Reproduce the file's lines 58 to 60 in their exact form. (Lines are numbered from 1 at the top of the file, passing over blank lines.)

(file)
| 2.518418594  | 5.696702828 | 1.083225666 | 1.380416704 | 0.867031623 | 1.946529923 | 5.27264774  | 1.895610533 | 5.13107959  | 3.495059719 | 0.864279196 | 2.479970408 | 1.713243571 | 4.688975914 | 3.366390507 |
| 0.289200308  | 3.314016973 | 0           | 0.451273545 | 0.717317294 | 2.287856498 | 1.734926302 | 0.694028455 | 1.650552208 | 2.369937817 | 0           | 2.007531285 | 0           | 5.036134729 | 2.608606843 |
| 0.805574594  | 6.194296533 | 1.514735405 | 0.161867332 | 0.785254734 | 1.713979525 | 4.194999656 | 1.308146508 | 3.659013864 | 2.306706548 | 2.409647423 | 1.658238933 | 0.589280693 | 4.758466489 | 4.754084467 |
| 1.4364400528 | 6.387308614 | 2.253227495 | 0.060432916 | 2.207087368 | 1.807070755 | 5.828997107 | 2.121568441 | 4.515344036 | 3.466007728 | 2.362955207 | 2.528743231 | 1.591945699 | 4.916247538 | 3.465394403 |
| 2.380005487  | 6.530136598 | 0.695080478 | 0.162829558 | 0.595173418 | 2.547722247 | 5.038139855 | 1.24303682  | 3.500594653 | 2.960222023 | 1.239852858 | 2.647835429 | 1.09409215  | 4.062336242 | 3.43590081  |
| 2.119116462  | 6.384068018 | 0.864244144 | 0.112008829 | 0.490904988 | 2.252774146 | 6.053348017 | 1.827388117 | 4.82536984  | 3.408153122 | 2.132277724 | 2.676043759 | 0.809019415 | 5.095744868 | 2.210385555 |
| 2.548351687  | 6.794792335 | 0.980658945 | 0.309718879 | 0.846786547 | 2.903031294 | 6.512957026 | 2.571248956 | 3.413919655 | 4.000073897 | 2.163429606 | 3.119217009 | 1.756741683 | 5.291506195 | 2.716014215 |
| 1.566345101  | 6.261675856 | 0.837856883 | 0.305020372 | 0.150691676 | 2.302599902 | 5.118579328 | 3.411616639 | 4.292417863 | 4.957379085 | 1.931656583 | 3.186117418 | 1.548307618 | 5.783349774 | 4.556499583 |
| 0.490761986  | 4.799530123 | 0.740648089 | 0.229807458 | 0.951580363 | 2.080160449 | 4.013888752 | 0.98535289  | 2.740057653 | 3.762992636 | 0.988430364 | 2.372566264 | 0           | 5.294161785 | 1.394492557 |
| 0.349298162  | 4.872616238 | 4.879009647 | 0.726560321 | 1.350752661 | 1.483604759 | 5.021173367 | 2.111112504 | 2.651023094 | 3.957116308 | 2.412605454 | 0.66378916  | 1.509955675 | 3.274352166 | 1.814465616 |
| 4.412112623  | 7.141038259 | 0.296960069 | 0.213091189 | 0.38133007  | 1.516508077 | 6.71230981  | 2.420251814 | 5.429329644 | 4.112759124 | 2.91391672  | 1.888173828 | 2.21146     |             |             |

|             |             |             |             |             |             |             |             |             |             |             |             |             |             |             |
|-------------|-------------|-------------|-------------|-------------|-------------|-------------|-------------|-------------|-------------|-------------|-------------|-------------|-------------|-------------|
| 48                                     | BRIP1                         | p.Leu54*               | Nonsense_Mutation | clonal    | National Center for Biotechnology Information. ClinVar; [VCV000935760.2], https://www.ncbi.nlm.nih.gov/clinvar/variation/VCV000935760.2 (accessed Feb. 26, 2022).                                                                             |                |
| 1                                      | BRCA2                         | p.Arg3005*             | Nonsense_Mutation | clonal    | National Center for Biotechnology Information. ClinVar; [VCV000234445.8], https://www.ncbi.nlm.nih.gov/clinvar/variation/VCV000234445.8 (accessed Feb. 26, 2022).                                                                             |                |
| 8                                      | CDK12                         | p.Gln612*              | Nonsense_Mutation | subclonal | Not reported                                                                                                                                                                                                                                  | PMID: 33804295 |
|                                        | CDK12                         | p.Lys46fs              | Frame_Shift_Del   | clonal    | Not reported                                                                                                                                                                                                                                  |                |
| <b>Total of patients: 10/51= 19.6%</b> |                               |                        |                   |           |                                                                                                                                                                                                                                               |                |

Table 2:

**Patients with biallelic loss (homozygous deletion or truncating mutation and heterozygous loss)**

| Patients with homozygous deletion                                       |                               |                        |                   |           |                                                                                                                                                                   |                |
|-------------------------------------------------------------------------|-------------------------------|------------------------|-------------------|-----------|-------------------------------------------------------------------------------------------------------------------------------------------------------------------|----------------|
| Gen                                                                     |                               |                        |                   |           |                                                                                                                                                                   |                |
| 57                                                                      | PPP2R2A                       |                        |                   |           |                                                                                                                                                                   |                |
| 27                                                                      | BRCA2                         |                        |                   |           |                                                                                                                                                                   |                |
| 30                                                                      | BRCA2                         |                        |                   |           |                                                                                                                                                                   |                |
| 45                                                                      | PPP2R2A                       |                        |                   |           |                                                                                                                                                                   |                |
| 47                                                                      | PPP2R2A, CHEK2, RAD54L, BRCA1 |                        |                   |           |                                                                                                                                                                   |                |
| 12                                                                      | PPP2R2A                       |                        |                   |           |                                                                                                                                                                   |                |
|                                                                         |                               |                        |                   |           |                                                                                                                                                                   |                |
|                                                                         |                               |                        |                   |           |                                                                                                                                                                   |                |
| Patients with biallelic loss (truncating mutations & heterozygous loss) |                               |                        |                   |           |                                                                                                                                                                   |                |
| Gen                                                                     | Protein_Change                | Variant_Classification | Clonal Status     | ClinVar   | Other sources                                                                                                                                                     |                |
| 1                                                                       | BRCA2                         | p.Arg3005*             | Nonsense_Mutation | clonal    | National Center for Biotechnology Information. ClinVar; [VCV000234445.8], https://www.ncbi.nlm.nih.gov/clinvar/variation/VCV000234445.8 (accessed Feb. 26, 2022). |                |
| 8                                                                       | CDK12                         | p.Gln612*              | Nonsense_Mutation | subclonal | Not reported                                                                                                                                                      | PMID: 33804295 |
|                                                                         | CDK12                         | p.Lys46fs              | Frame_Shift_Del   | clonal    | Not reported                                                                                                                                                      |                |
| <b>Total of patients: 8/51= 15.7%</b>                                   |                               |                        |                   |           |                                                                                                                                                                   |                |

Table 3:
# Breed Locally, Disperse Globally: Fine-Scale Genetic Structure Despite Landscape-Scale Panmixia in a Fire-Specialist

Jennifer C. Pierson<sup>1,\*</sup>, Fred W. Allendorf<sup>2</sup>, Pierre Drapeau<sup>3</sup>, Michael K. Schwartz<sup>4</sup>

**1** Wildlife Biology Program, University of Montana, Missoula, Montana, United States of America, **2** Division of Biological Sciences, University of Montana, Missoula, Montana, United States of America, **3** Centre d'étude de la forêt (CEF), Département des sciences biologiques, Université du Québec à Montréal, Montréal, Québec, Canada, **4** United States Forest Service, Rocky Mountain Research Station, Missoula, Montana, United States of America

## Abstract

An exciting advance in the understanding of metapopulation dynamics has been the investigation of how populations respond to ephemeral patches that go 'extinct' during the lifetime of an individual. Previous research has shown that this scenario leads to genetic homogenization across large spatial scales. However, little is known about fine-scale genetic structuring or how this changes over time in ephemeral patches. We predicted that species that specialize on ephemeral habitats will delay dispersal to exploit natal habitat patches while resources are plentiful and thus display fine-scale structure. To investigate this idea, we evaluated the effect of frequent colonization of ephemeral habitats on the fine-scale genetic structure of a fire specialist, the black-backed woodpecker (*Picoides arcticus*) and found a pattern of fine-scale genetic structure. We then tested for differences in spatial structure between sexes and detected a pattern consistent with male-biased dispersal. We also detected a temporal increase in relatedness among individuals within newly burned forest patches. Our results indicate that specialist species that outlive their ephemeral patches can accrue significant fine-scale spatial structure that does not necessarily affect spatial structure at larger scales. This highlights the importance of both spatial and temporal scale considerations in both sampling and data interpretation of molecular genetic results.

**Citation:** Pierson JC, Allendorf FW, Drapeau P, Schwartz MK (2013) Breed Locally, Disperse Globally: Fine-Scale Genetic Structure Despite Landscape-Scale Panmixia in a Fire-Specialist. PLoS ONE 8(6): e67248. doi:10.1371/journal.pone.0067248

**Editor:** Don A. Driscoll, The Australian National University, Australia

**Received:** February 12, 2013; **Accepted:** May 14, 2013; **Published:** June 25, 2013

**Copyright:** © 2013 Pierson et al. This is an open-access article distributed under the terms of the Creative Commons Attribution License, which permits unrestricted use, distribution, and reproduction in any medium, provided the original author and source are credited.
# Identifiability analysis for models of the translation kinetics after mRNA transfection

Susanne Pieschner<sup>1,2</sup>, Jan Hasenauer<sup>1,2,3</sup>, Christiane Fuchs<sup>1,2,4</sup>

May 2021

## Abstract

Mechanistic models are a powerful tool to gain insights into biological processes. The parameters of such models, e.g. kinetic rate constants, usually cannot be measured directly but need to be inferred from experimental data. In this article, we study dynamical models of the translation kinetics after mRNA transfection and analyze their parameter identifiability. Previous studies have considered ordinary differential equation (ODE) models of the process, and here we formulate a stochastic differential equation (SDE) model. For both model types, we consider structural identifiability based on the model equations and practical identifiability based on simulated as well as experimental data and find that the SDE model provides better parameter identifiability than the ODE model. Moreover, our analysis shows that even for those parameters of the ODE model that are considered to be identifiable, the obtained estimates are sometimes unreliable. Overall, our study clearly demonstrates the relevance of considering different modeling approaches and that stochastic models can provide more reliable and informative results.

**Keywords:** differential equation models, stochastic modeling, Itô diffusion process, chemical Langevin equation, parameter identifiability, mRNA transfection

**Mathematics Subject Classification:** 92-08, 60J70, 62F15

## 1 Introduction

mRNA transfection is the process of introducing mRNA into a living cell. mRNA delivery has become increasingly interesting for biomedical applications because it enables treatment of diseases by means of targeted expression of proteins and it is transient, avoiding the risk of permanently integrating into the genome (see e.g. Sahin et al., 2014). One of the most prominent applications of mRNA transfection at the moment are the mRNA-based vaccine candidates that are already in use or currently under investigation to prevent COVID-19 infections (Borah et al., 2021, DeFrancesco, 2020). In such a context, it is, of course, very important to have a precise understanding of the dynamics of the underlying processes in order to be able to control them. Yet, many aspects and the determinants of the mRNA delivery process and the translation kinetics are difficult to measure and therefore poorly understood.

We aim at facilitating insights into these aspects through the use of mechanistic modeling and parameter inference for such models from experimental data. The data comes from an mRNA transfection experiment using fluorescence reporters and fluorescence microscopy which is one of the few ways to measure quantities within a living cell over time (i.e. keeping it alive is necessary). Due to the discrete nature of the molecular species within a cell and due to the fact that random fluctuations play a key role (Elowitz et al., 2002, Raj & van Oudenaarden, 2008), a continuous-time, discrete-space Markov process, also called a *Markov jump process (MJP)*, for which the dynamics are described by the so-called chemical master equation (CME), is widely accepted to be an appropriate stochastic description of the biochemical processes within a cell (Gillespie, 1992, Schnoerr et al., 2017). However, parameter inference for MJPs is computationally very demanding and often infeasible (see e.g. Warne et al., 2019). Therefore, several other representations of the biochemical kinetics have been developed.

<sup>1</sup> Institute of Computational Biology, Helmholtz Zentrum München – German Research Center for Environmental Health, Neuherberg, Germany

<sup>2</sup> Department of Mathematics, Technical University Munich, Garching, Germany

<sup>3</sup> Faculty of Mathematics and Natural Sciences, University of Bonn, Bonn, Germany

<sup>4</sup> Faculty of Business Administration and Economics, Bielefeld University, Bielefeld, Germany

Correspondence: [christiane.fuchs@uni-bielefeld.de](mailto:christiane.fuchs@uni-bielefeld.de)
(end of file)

<sup>1</sup> Institute of Computational Biology, Helmholtz Zentrum München – German Research Center for Environmental Health, Neuherberg, Germany

<sup>2</sup> Department of Mathematics, Technical University Munich, Garching, Germany

<sup>3</sup> Faculty of Mathematics and Natural Sciences, University of Bonn, Bonn, Germany